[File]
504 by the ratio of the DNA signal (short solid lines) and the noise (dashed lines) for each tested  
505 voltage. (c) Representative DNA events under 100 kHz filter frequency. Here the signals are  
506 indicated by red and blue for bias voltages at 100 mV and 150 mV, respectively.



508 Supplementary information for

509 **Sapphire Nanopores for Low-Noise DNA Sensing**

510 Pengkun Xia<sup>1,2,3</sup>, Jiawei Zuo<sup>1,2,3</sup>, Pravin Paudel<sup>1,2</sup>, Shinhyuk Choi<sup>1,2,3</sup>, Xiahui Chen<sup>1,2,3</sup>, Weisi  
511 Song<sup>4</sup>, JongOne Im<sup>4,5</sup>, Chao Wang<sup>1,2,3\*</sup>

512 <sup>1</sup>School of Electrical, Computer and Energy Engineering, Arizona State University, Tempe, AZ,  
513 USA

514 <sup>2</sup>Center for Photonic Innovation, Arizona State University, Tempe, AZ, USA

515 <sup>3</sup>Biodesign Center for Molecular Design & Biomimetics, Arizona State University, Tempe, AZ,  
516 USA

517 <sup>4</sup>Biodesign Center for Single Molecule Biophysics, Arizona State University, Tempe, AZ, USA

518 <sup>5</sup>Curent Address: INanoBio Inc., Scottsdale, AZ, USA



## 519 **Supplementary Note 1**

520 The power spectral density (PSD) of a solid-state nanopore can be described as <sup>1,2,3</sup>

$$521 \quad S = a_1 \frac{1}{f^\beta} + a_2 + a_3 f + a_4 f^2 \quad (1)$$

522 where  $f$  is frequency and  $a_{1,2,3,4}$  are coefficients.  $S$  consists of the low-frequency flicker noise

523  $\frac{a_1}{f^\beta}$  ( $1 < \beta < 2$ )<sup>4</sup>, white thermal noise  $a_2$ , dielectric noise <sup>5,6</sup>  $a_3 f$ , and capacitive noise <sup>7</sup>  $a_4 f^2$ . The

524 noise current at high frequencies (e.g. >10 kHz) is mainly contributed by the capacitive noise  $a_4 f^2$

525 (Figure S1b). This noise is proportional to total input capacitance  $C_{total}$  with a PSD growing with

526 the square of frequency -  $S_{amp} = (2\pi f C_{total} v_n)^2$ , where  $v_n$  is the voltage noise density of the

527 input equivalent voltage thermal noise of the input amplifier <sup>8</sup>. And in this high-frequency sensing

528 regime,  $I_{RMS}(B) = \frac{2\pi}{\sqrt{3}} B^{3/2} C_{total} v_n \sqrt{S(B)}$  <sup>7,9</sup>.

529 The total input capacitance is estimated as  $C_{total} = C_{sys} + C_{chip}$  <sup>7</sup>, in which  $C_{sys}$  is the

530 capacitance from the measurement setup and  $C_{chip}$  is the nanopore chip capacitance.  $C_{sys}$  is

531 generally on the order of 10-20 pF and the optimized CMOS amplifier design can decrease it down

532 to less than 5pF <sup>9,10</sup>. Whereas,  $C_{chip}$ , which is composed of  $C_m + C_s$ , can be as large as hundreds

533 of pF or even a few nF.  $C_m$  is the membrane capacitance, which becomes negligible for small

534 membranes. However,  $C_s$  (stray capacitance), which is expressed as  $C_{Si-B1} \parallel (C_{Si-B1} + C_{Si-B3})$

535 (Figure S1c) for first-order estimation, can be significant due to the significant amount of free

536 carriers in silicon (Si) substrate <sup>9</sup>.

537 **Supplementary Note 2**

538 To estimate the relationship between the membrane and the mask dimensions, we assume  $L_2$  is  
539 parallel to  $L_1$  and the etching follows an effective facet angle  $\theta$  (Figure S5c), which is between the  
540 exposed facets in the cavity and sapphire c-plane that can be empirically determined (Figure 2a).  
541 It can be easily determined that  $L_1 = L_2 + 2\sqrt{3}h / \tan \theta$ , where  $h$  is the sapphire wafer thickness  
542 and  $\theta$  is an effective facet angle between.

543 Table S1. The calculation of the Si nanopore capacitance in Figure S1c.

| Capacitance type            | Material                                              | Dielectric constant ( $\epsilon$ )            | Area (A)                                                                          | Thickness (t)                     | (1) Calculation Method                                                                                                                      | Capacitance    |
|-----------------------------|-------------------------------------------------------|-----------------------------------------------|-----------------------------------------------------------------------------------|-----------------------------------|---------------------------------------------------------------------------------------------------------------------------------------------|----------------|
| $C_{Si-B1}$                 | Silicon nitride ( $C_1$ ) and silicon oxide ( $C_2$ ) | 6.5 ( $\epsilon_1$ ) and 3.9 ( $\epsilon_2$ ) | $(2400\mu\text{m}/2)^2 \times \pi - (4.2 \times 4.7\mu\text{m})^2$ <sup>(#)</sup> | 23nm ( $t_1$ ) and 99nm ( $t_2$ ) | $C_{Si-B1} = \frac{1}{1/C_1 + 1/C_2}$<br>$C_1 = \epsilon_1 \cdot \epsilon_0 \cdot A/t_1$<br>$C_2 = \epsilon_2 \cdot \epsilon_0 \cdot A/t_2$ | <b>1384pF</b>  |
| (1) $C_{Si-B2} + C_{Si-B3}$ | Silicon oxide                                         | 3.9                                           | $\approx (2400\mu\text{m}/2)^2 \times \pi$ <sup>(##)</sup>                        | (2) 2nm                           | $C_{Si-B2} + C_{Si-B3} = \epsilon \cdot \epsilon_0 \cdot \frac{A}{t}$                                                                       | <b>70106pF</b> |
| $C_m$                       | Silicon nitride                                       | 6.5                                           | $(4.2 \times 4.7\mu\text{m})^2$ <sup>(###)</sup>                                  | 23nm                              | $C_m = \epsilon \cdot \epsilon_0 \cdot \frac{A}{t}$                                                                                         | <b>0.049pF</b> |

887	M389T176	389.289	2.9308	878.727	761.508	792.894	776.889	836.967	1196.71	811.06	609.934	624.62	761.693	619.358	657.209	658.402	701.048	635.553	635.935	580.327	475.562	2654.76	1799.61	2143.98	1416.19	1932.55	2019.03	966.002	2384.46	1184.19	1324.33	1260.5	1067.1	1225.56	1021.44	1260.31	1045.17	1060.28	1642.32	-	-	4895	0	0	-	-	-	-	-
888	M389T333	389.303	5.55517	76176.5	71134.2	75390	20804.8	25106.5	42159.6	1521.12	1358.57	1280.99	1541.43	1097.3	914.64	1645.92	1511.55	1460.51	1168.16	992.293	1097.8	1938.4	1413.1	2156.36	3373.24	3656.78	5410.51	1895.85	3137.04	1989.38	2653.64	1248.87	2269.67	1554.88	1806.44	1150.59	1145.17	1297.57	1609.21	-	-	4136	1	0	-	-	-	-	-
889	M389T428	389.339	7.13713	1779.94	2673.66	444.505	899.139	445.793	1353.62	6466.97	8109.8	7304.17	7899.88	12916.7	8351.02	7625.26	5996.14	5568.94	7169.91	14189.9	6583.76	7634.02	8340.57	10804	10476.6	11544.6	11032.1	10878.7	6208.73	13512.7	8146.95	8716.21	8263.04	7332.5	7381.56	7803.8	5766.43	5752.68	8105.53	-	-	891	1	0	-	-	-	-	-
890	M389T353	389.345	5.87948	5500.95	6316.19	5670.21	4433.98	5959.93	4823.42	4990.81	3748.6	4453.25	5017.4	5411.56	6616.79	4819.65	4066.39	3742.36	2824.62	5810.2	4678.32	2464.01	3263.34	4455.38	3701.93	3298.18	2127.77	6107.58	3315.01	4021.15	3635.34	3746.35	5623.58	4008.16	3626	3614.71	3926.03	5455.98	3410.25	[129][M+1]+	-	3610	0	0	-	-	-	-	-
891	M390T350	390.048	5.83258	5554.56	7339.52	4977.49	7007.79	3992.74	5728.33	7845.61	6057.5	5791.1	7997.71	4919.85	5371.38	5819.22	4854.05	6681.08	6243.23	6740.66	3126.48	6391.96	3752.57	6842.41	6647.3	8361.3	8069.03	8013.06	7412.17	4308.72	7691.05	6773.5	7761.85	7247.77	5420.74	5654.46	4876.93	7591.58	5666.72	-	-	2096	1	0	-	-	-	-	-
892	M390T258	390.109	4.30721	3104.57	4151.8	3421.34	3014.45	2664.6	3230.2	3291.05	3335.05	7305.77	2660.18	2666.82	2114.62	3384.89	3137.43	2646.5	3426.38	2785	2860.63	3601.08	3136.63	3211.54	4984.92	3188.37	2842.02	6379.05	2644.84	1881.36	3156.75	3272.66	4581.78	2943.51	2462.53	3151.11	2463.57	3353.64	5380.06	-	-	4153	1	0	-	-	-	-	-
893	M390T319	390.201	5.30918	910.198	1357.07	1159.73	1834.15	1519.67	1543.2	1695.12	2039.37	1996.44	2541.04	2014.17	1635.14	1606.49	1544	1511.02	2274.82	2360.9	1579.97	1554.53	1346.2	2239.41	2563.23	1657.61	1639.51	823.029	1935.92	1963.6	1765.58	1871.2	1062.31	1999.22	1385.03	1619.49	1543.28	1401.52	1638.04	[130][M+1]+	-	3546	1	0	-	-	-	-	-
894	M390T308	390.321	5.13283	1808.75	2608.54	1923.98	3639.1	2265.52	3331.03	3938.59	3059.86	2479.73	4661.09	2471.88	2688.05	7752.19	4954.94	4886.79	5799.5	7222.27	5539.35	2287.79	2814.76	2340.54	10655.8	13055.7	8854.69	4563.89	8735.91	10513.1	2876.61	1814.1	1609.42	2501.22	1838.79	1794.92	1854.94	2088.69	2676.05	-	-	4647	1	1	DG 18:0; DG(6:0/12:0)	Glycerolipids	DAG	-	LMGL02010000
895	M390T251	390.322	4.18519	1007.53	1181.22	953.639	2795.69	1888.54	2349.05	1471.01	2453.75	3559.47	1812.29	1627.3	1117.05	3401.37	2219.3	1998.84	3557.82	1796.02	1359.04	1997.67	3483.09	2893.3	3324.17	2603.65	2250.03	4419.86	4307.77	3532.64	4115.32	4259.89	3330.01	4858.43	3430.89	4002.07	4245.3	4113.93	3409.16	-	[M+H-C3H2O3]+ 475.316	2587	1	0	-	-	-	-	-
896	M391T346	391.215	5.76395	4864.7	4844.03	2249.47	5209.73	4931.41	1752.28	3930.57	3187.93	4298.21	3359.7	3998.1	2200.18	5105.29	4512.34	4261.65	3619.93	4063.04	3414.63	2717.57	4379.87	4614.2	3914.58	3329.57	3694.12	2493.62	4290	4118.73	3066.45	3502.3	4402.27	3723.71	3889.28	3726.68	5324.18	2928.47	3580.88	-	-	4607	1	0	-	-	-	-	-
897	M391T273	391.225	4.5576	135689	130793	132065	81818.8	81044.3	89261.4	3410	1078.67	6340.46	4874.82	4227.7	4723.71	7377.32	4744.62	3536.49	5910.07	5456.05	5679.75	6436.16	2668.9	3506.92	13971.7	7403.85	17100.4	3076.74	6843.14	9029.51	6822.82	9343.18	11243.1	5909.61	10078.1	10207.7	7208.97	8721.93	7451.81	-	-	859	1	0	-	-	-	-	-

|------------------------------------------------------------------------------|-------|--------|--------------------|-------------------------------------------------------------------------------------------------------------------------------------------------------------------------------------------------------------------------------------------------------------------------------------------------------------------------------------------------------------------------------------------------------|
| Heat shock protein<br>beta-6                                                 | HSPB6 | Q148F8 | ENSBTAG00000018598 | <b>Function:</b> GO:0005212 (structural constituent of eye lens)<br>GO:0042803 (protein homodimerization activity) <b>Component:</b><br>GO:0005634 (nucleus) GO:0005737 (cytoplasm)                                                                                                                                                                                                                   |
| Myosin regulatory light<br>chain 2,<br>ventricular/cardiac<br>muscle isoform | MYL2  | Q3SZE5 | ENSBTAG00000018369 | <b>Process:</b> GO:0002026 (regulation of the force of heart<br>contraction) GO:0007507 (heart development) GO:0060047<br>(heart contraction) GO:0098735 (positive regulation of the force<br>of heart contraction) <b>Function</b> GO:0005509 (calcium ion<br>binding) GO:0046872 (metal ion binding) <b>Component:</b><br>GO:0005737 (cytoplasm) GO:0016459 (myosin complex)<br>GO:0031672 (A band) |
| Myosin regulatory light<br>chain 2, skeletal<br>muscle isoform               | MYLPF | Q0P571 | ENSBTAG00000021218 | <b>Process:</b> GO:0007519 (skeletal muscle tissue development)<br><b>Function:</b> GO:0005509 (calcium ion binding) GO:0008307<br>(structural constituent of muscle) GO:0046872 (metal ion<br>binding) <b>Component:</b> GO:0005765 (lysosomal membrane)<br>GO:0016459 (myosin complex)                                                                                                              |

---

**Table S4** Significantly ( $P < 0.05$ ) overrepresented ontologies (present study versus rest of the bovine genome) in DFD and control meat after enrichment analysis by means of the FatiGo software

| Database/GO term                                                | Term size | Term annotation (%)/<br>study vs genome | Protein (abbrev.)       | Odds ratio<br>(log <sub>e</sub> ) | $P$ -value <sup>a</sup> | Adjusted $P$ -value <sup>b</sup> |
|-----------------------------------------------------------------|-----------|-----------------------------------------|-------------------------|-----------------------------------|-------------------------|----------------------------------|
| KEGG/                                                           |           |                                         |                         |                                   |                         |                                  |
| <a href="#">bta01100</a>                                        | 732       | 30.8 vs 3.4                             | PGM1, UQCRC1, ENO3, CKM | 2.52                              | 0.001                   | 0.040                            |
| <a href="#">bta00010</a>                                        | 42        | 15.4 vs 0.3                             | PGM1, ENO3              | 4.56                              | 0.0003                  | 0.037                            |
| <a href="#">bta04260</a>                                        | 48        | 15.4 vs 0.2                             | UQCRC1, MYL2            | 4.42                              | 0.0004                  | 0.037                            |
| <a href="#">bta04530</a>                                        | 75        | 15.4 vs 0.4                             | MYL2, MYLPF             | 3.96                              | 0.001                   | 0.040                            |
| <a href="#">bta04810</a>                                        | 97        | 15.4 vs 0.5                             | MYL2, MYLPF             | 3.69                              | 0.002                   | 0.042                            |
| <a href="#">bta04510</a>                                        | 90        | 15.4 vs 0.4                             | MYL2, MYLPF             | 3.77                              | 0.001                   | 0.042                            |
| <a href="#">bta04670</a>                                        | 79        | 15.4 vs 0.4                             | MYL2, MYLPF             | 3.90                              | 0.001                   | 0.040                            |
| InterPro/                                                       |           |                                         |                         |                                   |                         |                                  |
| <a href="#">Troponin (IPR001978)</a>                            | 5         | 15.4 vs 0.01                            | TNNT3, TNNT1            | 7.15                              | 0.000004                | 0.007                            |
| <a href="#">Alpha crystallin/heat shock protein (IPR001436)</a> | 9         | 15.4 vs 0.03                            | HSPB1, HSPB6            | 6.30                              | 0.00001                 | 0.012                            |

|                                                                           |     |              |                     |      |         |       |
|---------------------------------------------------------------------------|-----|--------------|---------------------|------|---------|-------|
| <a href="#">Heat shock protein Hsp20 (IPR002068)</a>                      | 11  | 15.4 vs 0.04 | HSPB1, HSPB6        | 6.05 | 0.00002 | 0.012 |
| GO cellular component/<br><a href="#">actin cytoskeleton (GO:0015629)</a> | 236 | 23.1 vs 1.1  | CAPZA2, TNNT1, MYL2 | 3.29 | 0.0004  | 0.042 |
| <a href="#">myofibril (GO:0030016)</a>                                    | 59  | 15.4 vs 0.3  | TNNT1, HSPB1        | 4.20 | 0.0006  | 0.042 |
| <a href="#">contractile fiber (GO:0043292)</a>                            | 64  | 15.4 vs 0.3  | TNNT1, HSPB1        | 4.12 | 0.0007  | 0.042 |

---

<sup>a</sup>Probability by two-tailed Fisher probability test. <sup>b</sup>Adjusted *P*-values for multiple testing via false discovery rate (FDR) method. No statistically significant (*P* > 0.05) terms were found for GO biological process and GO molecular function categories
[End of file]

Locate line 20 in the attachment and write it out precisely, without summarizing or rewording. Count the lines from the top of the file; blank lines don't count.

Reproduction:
524 noise current at high frequencies (e.g. >10 kHz) is mainly contributed by the capacitive noise  $a_4 f^2$